gallery Finnish Food: Leipäjuusto, THE Finnish Squeaky Cheese

Squeaky Cheese-1

I always thought of the term Finnish Squeaky Cheese as folkloric, not actual food! The Finnish name is Leipäjuusto or  juustoleipä which translates to ‘bread cheese’.  It originates in Northern Finland and Ostrobothnia; one region in Finland.

When served, it was described to me as “milk from a cow who has just given birth”. Naturally, I didn’t ask any questions and kept eating. I ate it several more times before realizing that I was actually eating THE Finnish squeaky cheese!

The milk described to me referred to a cow’s beestings, although reindeer or goat milk can substitute, which is  the rich milk after birthing a calf. The milk is low in fat, very high in protein, and provides many nutrients to newborns with small doses. The cheese is formed in a small round frisbee shape, fitting perfectly on a plate like a cheese pie. It is barely an inch thick but very dense in consistency.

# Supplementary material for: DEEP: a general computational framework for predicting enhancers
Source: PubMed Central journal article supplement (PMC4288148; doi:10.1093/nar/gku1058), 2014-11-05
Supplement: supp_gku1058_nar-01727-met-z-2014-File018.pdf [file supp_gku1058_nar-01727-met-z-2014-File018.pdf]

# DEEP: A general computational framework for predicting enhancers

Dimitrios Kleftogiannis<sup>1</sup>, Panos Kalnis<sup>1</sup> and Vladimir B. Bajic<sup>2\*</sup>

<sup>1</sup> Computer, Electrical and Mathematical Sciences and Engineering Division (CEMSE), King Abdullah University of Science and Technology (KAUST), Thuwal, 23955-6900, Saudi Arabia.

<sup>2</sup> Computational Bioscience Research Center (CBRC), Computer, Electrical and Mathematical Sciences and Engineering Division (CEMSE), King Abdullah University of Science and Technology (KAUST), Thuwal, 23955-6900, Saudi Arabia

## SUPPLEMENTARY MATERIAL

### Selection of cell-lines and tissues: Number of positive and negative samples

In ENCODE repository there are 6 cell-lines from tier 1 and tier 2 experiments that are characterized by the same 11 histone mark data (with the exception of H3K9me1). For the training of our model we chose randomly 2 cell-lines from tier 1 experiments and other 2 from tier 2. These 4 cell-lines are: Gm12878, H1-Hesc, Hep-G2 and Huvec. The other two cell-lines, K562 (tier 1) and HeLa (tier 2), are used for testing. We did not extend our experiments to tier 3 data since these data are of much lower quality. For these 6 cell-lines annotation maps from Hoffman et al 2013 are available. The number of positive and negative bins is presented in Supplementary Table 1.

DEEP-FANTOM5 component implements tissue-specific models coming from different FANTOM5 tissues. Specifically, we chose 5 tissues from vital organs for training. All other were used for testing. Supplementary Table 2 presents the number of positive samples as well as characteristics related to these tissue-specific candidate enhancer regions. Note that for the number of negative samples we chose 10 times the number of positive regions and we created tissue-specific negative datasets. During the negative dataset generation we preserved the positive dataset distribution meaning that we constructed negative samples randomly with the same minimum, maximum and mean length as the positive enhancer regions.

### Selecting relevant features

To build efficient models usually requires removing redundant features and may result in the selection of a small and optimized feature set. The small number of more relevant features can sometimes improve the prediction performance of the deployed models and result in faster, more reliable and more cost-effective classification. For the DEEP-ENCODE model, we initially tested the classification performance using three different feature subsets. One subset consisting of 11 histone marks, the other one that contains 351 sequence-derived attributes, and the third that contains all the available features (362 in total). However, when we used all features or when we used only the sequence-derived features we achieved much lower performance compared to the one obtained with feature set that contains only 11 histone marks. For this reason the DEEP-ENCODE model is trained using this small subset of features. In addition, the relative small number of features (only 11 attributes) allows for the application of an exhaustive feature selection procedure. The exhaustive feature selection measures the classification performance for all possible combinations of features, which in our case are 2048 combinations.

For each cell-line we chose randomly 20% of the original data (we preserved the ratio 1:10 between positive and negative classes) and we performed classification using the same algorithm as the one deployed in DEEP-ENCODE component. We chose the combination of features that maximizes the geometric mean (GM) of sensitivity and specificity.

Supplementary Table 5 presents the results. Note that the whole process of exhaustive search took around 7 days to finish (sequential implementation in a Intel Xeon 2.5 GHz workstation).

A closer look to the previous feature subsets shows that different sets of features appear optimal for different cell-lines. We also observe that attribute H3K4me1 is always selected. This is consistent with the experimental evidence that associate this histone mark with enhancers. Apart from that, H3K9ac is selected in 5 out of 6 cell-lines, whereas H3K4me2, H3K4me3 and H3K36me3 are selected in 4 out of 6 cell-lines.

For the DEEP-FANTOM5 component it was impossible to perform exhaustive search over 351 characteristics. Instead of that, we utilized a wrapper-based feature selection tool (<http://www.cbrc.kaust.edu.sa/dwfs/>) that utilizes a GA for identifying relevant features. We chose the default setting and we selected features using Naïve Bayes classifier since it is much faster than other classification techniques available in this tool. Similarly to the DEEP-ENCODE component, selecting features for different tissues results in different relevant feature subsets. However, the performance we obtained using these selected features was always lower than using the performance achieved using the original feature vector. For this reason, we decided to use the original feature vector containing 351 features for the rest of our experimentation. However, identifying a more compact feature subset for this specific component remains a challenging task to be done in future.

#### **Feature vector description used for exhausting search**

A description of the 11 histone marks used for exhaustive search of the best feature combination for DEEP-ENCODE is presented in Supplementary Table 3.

If you stood in a quiet room full of people chewing Leipäjuusto, all you would hear is squeaking of cheese against teeth. Because of its density it’s quite chewy even when warm which causes the noisy friction between your teeth when you chew it; hence squeaky cheese.

Leipäjuusto_cheese_with_cloudberry_jamI first ate it prepared authentically homemade by the family’s grandmother, meaning from beestings. Commercially bought leipäjuusto is made with ‘normal’ milk which could weaken the flavoring and appearance of the cheese.

I was served squeaky cheese as a dessert snack after dinner with tea and coffee; not as a whole meal itself or a dinner course. It was warmed briefly, cut and served in pie slices. The leipäjuusto itself was a bit salty. Homemade cloudberry jam made with wild hand-picked berries from Lapland, with vanilla ice cream created the perfect accent to the cheese.  Combining salty warm cheese with cool sweet ice cream and tart cloudberries is absolute Lapland food perfection.


    • It is! I’d make it for you…if you could just provide some fresh cow, goat, or reindeer milk and cloudberries ok 🙂

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